August 18, 2015; New Orleans Advocate

Young adults, ages 16–24, need additional skills and resources to be competitive in the ever-changing job market. According to the Brookings Institution, approximately 45 percent of the job openings in the next ten years will be in “middle level” jobs, those that may require a high school diploma but not necessarily a bachelor’s degree.

As schools prepare students to be career- and college-ready, a number of young adults are being left behind because of a lack of interest and engagement in school. Others face additional barriers that make school success difficult to attain. Emerging and existing programs are working to fill this gap by helping students build on skills they already have while also learning how to refine those skills and leverage them into paid employment.

The Youth Empowerment Project in New Orleans started its Work and Learn program as a way to reengage young adults and provide them with opportunities to learn specific trade skills along with networking and other “soft skills” that would provide them with the tools, resources, and the confidence necessary to find stable employment and disrupt chronic unemployment trends.

The key YEP found is to tap into the expertise and experiences that students bring with them, which they might not recognize as marketable job skills. D’eshon, a featured Youth Empowerment Program student, had always been interested in fixing things, so when he learned he could be connected with the Work and Learn center bike shop, he knew he could handle it. The Work and Learn center bike shop allows D’eshon and other youth to take the skills they have and apply them within specific markets while working with real customers. Not only do they further develop their technical skills, they learn other marketable, job-embedded skills that will help them find and secure steady employment, all under the guidance of skilled and caring adults.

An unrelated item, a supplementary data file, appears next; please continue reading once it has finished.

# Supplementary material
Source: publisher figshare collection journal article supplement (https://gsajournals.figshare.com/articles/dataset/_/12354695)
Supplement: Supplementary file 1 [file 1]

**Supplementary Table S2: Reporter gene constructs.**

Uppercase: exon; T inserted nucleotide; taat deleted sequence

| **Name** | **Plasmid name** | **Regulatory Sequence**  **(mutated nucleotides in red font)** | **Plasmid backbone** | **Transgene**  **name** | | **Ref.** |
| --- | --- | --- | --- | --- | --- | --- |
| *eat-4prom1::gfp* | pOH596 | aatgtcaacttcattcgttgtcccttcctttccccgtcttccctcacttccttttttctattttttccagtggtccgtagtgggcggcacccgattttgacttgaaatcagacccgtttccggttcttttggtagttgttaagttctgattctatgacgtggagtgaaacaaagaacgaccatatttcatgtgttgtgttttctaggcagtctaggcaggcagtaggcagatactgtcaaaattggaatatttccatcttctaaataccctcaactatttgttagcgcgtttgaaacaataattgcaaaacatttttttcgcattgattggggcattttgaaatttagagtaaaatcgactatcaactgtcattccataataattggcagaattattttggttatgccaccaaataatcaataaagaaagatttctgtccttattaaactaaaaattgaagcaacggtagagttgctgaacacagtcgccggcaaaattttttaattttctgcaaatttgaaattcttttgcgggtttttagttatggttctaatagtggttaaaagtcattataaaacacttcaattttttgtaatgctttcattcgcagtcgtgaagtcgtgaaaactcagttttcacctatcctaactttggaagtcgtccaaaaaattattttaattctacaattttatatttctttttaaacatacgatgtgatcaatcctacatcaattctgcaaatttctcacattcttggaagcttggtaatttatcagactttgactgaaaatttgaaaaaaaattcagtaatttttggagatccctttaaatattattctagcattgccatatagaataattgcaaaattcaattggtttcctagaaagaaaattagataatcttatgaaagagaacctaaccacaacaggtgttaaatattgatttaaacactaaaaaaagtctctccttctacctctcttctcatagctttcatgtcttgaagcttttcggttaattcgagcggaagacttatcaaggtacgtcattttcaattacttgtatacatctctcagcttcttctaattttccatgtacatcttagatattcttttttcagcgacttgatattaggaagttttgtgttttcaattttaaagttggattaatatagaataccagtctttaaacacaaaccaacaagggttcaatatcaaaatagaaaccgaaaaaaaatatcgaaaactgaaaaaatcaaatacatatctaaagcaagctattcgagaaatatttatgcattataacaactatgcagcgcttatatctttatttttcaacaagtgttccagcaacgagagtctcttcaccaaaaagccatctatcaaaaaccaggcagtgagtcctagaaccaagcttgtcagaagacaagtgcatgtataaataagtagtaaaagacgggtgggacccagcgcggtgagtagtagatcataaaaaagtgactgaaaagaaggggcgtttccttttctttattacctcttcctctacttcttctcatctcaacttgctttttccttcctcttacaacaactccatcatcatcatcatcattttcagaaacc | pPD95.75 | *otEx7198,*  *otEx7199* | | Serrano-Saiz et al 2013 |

Big Picture Learning is another education nonprofit that’s working to bring this type of student-centered and interest-based learning into the classroom as a tool for engaging students and helping them build career skills as part of their academic preparation, rather than as something separate. The learning-through-interests aspect of Big Picture Learning allows students to follow their passions by interning with adults in the community who are engaged in work that connects to the students’ interests. This real-world learning starts with the student at the center, allowing him or her to see how their interest and passion is connected to the world of work. Students have the opportunity to try different fields of interest while using project-based learning to tie their academic requirements to real-world experiences.

Both of these programs focus on connecting youth to adults in the workforce, teaching valuable networking skills that translate beyond a single experience, and empowering them to find meaningful work that builds on their own interests and experiences.

Workforce and career-readiness programs designed to build the capacity of young adults while putting their existing talents and expertise to use will help them transition into potential careers they might never have imagined for themselves.—Kari Thierer